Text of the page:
[USRP-users] Amplifiers for USRP Transmission

Matt Ettus matt at ettus.com
Mon Jul 6 17:13:38 EDT 2015


I am terribly sorry for the response you received to your question.
It was harsh and rude and not at all what is appropriate.  Everybody
starts their learning about radio somewhere, and we are open to people
at all levels here.  I will attempt to answer your questions below,
but I hope you do not tune out due to this experience.


You are transmitting at a certain frequency, although I am not sure
what frequency that is.  You are correctly using an appropriate length
receiving antenna.  The first problem is that you are feeding it
directly to a microphone.  Microphones are intended to convert audio
signals into electrical ones, and only some of them will operate in
reverse, i.e. as a speaker.  The second issue is that even if your
microphone works as a speaker, it is designed for audio frequencies
(<20kHz), not the signal coming from an SBX which must be at least 400
MHz, and neither are your ears.  To get a very basic reception of AM,
you need a diode at the very least.  You most likely would also want
some filtering and amplification as well.  I would suggest checking
out the following web page:


Also, anything about crystal radios you can find on the net would be helpful.


Again, please accept my sincerest apologies.  This is not
representative of how we want to treat newcomers, and I assure you it
won't happen again.

Matt Ettus

On Mon, Jul 6, 2015 at 12:41 PM, Marcus D. Leech via USRP-users
<usrp-users at lists.ettus.com> wrote:
> On 07/06/2015 03:32 PM, Evan Chavis via USRP-users wrote:
> Hello USRP users,
> I've been working with a USRP1 to transmit an amplitude modulated signal to
> a very basic improvised receiver, basically just a wire of length
> corresponding to the frequency I'm transmitting at attached to a microphone
> such that the microphone is picking up the signals on the wire as it would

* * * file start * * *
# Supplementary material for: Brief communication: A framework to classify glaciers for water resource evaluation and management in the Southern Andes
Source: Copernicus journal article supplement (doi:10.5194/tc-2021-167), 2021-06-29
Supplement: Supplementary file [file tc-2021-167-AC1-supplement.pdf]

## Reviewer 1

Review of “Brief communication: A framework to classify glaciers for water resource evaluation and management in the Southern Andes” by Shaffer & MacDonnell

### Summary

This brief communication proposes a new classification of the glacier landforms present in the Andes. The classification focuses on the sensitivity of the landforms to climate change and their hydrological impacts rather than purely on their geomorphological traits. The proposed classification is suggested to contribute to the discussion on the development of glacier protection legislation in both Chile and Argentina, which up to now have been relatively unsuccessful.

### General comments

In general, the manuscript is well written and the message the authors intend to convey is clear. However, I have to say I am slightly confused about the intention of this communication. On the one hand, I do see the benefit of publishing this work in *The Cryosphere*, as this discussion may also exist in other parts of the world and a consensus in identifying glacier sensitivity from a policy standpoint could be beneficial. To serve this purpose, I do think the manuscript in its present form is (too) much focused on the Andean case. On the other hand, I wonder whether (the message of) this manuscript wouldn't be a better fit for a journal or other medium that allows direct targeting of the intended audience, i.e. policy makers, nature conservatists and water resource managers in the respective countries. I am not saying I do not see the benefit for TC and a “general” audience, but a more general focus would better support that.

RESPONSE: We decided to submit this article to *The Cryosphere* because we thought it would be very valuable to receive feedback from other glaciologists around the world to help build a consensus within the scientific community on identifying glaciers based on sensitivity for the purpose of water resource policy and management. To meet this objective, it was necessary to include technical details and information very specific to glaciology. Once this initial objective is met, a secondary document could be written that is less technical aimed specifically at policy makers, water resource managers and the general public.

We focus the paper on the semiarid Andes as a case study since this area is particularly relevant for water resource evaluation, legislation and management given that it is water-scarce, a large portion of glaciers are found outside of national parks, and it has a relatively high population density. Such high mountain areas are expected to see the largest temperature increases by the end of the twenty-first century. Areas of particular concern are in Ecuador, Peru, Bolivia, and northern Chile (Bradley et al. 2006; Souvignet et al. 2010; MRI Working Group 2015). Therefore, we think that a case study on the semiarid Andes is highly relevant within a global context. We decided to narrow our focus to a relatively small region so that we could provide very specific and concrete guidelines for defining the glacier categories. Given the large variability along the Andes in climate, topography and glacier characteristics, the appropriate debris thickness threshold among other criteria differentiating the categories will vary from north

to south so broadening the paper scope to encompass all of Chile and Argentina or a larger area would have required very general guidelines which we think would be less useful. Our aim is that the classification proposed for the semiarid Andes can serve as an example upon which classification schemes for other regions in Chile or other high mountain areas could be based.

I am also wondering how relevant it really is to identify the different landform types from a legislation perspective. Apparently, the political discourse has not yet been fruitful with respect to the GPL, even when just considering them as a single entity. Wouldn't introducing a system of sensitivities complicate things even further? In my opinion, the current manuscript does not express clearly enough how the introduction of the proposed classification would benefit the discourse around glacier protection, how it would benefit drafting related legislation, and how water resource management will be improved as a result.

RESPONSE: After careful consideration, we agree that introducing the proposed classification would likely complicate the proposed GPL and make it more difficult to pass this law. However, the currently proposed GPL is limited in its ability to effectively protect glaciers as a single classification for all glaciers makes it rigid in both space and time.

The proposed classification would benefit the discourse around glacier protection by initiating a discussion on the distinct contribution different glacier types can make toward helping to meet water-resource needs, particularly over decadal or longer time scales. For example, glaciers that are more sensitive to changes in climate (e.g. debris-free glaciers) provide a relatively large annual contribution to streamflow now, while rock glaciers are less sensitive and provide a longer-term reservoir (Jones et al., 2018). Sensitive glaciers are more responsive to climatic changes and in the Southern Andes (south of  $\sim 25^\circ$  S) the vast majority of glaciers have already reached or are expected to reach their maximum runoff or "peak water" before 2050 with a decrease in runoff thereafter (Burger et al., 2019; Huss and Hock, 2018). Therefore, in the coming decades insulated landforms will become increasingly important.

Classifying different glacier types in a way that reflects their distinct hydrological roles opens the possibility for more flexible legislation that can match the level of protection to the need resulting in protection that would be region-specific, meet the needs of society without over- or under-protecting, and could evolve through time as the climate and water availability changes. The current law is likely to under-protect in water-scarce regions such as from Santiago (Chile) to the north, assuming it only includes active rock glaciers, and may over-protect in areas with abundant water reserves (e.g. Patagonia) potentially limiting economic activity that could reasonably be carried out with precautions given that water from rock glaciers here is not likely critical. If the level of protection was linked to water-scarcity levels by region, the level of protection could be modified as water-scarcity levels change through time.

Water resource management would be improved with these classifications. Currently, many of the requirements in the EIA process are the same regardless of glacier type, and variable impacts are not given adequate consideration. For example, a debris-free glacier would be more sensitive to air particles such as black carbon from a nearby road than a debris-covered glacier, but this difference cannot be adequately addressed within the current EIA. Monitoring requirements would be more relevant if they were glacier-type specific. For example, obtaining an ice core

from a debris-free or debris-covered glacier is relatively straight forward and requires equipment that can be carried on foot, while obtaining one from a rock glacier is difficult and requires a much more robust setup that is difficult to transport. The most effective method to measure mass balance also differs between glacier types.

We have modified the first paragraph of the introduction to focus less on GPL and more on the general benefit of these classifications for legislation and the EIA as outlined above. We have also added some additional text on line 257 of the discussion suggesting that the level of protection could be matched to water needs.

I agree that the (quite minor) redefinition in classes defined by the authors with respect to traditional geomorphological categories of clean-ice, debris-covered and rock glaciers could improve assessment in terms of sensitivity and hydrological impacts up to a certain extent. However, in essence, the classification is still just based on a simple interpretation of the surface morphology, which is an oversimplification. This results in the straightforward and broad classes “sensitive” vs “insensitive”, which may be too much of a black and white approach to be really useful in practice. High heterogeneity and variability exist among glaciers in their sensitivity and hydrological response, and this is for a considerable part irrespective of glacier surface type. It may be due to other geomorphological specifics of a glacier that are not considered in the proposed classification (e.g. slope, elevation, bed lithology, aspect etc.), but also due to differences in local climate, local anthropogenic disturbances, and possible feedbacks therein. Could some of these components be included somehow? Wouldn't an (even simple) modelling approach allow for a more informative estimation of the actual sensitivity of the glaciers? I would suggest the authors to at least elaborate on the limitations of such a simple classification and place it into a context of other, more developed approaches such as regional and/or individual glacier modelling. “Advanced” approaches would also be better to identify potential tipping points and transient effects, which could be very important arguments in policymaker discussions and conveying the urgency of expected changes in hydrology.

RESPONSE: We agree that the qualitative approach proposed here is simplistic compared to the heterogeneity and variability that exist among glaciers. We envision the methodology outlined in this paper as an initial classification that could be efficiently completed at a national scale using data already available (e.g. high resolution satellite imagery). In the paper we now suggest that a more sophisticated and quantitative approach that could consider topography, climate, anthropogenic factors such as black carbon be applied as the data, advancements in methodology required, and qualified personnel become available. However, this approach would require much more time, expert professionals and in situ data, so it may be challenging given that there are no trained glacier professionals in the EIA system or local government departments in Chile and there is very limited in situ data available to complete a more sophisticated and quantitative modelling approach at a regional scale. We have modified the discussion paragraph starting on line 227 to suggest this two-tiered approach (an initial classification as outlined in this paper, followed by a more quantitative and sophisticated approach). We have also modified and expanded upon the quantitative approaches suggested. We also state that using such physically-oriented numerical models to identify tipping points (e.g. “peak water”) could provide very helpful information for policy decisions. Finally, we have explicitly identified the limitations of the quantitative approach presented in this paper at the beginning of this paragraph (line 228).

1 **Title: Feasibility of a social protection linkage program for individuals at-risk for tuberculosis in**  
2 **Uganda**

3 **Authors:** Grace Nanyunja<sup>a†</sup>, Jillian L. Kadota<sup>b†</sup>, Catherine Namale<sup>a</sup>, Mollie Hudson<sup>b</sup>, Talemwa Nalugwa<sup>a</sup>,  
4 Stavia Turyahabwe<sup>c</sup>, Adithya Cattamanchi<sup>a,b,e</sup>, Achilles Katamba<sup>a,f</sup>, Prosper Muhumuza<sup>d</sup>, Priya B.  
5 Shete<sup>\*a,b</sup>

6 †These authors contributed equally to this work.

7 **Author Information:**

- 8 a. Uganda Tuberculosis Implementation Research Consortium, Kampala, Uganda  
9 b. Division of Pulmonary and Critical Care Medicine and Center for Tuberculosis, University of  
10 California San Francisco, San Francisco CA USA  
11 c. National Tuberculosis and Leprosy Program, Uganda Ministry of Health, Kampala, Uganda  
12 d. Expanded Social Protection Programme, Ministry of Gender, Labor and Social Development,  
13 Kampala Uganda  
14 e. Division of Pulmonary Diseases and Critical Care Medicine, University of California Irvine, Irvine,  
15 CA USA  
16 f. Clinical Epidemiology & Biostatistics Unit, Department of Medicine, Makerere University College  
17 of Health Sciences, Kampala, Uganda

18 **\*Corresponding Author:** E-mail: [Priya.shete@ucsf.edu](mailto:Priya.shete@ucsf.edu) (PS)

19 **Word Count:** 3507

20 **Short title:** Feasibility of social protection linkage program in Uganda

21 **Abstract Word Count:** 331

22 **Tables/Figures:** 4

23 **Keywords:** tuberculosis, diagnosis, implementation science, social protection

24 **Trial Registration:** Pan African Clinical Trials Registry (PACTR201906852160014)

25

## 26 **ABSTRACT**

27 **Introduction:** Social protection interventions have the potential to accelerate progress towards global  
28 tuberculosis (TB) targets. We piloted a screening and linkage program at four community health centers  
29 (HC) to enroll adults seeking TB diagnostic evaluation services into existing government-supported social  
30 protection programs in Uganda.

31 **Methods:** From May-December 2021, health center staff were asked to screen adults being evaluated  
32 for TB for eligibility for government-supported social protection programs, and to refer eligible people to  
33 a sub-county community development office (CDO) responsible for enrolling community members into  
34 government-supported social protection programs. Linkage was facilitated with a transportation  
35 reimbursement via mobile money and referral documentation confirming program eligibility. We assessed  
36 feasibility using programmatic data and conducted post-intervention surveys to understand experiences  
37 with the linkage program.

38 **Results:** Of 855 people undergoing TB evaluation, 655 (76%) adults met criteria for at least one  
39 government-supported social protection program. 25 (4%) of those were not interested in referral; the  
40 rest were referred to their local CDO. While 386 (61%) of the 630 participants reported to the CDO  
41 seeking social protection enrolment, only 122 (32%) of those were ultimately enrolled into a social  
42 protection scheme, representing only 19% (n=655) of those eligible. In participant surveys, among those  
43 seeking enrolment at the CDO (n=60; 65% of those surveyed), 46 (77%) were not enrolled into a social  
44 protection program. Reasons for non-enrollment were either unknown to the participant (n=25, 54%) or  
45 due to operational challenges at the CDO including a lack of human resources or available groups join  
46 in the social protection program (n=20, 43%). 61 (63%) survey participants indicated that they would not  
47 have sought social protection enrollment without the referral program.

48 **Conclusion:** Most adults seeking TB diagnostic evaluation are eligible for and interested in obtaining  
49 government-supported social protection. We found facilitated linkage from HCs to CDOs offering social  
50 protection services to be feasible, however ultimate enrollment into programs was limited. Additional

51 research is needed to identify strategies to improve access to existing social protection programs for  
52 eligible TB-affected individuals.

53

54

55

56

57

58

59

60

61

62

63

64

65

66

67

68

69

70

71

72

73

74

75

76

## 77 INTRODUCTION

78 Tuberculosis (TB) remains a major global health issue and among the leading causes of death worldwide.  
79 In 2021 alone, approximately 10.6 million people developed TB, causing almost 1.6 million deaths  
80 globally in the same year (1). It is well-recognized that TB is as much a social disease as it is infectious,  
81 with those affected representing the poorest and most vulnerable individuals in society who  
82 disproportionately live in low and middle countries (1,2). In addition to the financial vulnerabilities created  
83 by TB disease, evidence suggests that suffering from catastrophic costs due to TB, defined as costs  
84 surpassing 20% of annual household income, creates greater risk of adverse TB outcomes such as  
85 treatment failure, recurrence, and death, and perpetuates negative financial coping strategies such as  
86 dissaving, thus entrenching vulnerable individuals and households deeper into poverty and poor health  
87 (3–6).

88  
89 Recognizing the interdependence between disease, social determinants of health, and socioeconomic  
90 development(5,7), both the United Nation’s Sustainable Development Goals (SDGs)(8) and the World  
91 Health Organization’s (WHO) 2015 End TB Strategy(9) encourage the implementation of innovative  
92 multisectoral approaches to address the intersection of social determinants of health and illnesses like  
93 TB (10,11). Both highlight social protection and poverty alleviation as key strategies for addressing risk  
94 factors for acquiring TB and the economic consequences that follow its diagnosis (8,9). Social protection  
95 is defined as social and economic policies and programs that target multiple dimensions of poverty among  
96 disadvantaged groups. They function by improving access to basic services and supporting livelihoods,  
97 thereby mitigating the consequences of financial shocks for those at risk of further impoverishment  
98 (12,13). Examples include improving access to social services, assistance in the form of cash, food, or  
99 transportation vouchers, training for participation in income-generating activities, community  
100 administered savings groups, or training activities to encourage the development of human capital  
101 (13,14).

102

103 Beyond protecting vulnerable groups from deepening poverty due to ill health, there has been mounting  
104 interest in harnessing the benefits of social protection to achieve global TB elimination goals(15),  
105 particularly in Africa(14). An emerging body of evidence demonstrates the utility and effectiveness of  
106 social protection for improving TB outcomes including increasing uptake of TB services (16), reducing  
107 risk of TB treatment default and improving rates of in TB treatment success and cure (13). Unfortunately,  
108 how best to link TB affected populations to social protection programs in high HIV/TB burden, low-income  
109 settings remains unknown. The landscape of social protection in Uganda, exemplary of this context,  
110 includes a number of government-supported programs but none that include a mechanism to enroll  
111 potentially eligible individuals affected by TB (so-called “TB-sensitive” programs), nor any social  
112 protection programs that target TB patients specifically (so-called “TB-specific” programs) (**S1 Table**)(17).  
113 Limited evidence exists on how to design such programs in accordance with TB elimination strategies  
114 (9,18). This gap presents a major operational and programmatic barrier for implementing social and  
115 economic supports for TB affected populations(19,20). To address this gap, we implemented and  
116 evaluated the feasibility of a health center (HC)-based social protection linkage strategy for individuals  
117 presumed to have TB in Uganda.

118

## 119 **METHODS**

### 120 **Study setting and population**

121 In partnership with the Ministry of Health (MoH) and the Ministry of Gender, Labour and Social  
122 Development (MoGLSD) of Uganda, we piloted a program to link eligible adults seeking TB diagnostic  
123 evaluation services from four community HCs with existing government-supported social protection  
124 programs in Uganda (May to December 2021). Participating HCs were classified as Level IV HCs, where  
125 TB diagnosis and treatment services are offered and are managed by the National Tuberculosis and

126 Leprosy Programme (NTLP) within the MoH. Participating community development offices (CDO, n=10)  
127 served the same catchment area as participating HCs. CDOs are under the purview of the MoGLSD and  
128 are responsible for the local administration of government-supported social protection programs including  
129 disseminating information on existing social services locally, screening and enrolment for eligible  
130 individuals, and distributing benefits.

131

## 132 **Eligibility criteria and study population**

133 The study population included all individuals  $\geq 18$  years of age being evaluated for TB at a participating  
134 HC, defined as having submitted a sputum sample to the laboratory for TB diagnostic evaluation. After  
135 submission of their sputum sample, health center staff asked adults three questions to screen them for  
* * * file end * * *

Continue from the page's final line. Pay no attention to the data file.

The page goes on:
> audible noises.  I'm using an SBX daughterboard (which can produce 100 mW)
> and a log periodic antenna (with 5-6 dbi gain).  I can get a decent
> transmission at a range of up to about 25 cm, although it is best at a
> distance of just a few cm.  I've got the gain set with GnuRadio as high as
> possible without causing distortion, and I'm looking to improve the range of
> possible transmission.
> My questions are, what do I need to consider when looking for an amplifier
> to use with a USRP, are there any special problems a beginner would be
> likely to miss when trying to use those 2 things together?  Also, if an
> amplifier's gain is listed at 20 dB, would that be 20 dB on top of the 31.5
> the daughterboard is capable of outputting, or would the amplifier be
> useless in that it is capable of providing less power than the daughterboard
> itself?  And third, how is a device such as this one:
> http://www.minicircuits.com/pdfs/ZX60-V63+.pdf powered?  The data-sheet
> gives the numbers 5 V and 69 mA but I don't see an obvious way to power it
> aside from just soldering wires onto the marked bumps that say +5 and
> ground, is that the actual intended way to do it?
> Many thanks for any input and have a great day
> _______________________________________________
> USRP-users mailing list
> USRP-users at lists.ettus.com
> http://lists.ettus.com/mailman/listinfo/usrp-users_lists.ettus.com
> You don't need an amplifier.  You need a better understand of how RF works,
> and how RF receivers work.   The SBX covers 400Mhz to 4.4GHz.
> Given that you don't appear to know how RF works, I'd be very reluctant to
> recommend that you augment your experiments with an RF
>   power amplifier on the RX side.
> How about studying how RF receivers work, how EM propagation works, etc,
> etc?    The ARRL handbook is a good place to start on basic
>   RF topics. Adding an RF power amplifier to your setup will be both
> illegal, and frustrating, and totally not the right way to go about these
>   experiments.
> _______________________________________________
> USRP-users mailing list
> USRP-users at lists.ettus.com
> http://lists.ettus.com/mailman/listinfo/usrp-users_lists.ettus.com

More information about the USRP-users mailing list